Jim Long loved Mattawoman Creek from the moment he set eyes on it. "The freshwater tidal marshes are just bursting with life," he says. As Long describes, southern Maryland's Mattawoman Creek is known for its abundance of wildlife, including 28 species of plants and animals that are considered rare, threatened, or endangered. State scientists have singled it out for its pristine condition, describing it as "What a restored Chesapeake Bay would look like."
This summer, Long, CBF, and a coalition of community advocates scored a major victory for Mattawoman Creek when the Charles County Board of Commissioners voted in favor of a smart future growth plan. Environmentally friendly growth offers hope for Mattawoman and the county's other natural resources—the future of which had been called into question.
The battle over the county's wild places stretches back over a decade. When Charles County moved ahead with plans to plow a four-lane highway through the creek in the mid-2000s, the community banded together. The project would have destroyed the fragile waterway and set the stage for sprawling development that would have drastically changed the rural character of the county forever. CBF pitched in to help organize residents and promote a more sustainable vision for growth. "CBF was a charter member and one of the pistons that started the Smarter Growth Alliance for Charles County. That organization was instrumental in herding all of the organizations and performing very admirable public outreach with postcards, mailings, and social media. And with CBF's leadership, it also uncovered important facts about the highway's adverse effects," says Long.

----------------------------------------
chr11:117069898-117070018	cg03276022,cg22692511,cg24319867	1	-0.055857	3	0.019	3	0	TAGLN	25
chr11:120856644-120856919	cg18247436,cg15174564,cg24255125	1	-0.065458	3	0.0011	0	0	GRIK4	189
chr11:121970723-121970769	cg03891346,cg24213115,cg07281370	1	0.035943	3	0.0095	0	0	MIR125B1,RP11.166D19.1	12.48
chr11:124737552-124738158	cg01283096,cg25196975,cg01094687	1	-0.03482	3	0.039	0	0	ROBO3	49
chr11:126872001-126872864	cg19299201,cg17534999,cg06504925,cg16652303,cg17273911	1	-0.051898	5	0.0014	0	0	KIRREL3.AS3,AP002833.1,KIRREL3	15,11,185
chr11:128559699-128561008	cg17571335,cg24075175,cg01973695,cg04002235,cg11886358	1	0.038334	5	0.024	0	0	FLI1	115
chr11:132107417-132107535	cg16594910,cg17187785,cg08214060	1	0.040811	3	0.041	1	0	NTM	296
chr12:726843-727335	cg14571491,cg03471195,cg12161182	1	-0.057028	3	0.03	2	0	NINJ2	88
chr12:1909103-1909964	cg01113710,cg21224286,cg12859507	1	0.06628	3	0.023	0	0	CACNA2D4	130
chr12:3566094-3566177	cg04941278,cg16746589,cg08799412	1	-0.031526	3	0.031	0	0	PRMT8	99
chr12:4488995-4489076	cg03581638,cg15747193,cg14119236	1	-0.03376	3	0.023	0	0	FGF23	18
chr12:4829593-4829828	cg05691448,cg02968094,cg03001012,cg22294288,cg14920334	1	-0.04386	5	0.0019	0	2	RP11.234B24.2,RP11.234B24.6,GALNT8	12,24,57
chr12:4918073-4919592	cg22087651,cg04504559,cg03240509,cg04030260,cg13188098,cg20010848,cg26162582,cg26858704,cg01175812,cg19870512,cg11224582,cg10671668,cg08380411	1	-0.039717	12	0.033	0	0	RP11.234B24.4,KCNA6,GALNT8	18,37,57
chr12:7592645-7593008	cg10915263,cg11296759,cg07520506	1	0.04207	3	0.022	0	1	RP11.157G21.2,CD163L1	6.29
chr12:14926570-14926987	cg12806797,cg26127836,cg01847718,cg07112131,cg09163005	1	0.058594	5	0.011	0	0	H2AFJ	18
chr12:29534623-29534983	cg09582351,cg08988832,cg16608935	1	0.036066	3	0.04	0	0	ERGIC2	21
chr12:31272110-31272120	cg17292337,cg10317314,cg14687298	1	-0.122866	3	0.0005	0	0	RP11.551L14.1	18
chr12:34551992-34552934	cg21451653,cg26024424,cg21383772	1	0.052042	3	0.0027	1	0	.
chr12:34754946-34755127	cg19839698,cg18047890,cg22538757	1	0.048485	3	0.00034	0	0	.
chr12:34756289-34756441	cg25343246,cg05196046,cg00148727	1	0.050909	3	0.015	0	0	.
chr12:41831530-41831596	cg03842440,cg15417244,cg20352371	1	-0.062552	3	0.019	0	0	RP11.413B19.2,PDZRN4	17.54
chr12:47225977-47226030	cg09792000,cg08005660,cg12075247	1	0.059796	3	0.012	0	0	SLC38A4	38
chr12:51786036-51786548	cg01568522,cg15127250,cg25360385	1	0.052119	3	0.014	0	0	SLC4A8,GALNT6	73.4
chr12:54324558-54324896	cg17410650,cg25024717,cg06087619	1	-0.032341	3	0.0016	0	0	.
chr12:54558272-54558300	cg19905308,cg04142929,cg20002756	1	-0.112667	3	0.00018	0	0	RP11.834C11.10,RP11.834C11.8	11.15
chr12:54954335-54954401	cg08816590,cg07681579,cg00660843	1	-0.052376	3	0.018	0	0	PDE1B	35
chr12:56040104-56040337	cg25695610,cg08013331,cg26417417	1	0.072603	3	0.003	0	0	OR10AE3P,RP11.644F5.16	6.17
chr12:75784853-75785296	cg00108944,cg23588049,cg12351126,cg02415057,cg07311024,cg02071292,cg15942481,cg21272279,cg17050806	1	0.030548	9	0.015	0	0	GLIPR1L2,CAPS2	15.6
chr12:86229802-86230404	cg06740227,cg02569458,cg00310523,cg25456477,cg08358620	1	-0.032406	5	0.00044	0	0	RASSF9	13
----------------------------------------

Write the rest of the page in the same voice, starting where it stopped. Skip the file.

Those efforts paid off: State and federal agencies denied key permits and the county scrapped plans for the highway. As the county assembled its future growth plan, the alliance of advocates evaluated proposed policies, met with decision makers and filled the room at public hearings. CBF's partner, 1,000 Friends of Maryland, coordinated the campaign, and CBF mobilized its members, provided resources, and contributed technical expertise. "It was just incredible persistence on the part of many people," says Long.
Adopted in July 2016, the county's new future growth plan is a critical step toward protecting treasured Mattawoman Creek and directing development to areas with existing infrastructure. By limiting the amount of paved surface, the plan will prevent tens of thousands of pounds of pollution from fouling local waterways and the Chesapeake Bay. The plan also establishes a new 30,000-acre Watershed Conservation District to protect the Mattawoman Creek watershed and nearby waterways.
Work remains to ensure Mattawoman Creek is protected, including a lengthy rezoning process. However, the success of these advocates gives one of the most pristine and productive tributaries in the Bay a chance to stay that way. "There aren't a lot of examples of citizens and local leaders successfully standing up to the development lobby and putting plans in place that could ultimately save a river," says Erik Fisher, CBF Maryland Land Use Planner, who worked with Charles County advocates for many years. "If the county sticks with it, the results will be far-reaching for future generations."
Photo Credits: 1. Jennifer Herzog/CBF Staff, 2. Michael Holmes, , 3. Jay Fleming.